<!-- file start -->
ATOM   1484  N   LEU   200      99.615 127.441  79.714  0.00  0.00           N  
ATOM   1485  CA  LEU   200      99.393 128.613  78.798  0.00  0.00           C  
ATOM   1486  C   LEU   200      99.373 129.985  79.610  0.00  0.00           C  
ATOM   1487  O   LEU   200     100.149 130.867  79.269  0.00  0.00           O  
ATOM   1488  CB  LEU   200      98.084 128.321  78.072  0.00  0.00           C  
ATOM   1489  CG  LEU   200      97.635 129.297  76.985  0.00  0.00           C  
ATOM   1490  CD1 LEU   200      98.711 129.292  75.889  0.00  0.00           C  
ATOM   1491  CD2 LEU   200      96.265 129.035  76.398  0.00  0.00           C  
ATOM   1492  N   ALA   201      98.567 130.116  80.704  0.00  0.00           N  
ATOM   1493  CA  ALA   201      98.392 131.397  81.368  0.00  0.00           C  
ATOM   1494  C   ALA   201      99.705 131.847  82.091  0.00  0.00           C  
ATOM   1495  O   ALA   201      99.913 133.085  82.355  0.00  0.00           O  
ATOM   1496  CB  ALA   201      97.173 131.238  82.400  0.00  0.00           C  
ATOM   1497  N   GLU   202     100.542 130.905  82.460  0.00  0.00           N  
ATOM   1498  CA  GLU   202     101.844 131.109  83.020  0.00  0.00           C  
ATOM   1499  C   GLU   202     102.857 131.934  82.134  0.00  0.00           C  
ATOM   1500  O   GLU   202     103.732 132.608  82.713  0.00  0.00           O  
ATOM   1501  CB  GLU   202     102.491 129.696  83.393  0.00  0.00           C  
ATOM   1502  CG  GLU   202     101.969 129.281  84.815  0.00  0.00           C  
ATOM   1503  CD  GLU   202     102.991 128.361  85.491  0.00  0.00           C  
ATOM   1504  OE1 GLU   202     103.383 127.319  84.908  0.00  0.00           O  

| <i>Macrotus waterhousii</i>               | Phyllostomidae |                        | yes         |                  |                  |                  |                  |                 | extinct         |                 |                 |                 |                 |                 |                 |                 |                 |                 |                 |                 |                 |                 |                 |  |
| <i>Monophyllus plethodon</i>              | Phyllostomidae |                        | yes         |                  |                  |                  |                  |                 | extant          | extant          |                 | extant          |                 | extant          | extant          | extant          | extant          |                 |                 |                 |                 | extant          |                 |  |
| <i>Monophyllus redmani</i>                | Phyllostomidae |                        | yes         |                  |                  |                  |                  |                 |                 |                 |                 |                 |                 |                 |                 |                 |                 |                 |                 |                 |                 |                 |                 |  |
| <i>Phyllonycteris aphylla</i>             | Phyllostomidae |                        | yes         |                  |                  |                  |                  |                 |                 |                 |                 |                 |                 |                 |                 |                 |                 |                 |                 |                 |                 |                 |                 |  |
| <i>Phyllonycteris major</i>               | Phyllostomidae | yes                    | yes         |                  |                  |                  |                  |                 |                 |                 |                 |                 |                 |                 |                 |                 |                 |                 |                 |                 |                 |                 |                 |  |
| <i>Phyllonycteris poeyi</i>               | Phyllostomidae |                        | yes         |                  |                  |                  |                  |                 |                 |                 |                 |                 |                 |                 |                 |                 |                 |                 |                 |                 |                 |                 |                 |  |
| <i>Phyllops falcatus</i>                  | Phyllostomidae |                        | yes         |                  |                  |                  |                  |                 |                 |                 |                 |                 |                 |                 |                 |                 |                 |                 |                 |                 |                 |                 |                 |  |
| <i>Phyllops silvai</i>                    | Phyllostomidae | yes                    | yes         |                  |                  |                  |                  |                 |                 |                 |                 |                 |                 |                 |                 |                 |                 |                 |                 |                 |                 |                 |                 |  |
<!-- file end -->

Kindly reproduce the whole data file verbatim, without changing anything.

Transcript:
ATOM   1484  N   LEU   200      99.615 127.441  79.714  0.00  0.00           N  
ATOM   1485  CA  LEU   200      99.393 128.613  78.798  0.00  0.00           C  
ATOM   1486  C   LEU   200      99.373 129.985  79.610  0.00  0.00           C  
ATOM   1487  O   LEU   200     100.149 130.867  79.269  0.00  0.00           O  
ATOM   1488  CB  LEU   200      98.084 128.321  78.072  0.00  0.00           C  
ATOM   1489  CG  LEU   200      97.635 129.297  76.985  0.00  0.00           C  
ATOM   1490  CD1 LEU   200      98.711 129.292  75.889  0.00  0.00           C  
ATOM   1491  CD2 LEU   200      96.265 129.035  76.398  0.00  0.00           C  
ATOM   1492  N   ALA   201      98.567 130.116  80.704  0.00  0.00           N  
ATOM   1493  CA  ALA   201      98.392 131.397  81.368  0.00  0.00           C  
ATOM   1494  C   ALA   201      99.705 131.847  82.091  0.00  0.00           C  
ATOM   1495  O   ALA   201      99.913 133.085  82.355  0.00  0.00           O  
ATOM   1496  CB  ALA   201      97.173 131.238  82.400  0.00  0.00           C  
ATOM   1497  N   GLU   202     100.542 130.905  82.460  0.00  0.00           N  
ATOM   1498  CA  GLU   202     101.844 131.109  83.020  0.00  0.00           C  
ATOM   1499  C   GLU   202     102.857 131.934  82.134  0.00  0.00           C  
ATOM   1500  O   GLU   202     103.732 132.608  82.713  0.00  0.00           O  
ATOM   1501  CB  GLU   202     102.491 129.696  83.393  0.00  0.00           C  
ATOM   1502  CG  GLU   202     101.969 129.281  84.815  0.00  0.00           C  
ATOM   1503  CD  GLU   202     102.991 128.361  85.491  0.00  0.00           C  
ATOM   1504  OE1 GLU   202     103.383 127.319  84.908  0.00  0.00           O  

| <i>Macrotus waterhousii</i>               | Phyllostomidae |                        | yes         |                  |                  |                  |                  |                 | extinct         |                 |                 |                 |                 |                 |                 |                 |                 |                 |                 |                 |                 |                 |                 |  |
| <i>Monophyllus plethodon</i>              | Phyllostomidae |                        | yes         |                  |                  |                  |                  |                 | extant          | extant          |                 | extant          |                 | extant          | extant          | extant          | extant          |                 |                 |                 |                 | extant          |                 |  |
| <i>Monophyllus redmani</i>                | Phyllostomidae |                        | yes         |                  |                  |                  |                  |                 |                 |                 |                 |                 |                 |                 |                 |                 |                 |                 |                 |                 |                 |                 |                 |  |
| <i>Phyllonycteris aphylla</i>             | Phyllostomidae |                        | yes         |                  |                  |                  |                  |                 |                 |                 |                 |                 |                 |                 |                 |                 |                 |                 |                 |                 |                 |                 |                 |  |
| <i>Phyllonycteris major</i>               | Phyllostomidae | yes                    | yes         |                  |                  |                  |                  |                 |                 |                 |                 |                 |                 |                 |                 |                 |                 |                 |                 |                 |                 |                 |                 |  |
| <i>Phyllonycteris poeyi</i>               | Phyllostomidae |                        | yes         |                  |                  |                  |                  |                 |                 |                 |                 |                 |                 |                 |                 |                 |                 |                 |                 |                 |                 |                 |                 |  |
| <i>Phyllops falcatus</i>                  | Phyllostomidae |                        | yes         |                  |                  |                  |                  |                 |                 |                 |                 |                 |                 |                 |                 |                 |                 |                 |                 |                 |                 |                 |                 |  |
| <i>Phyllops silvai</i>                    | Phyllostomidae | yes                    | yes         |                  |                  |                  |                  |                 |                 |                 |                 |                 |                 |                 |                 |                 |                 |                 |                 |                 |                 |                 |                 |  |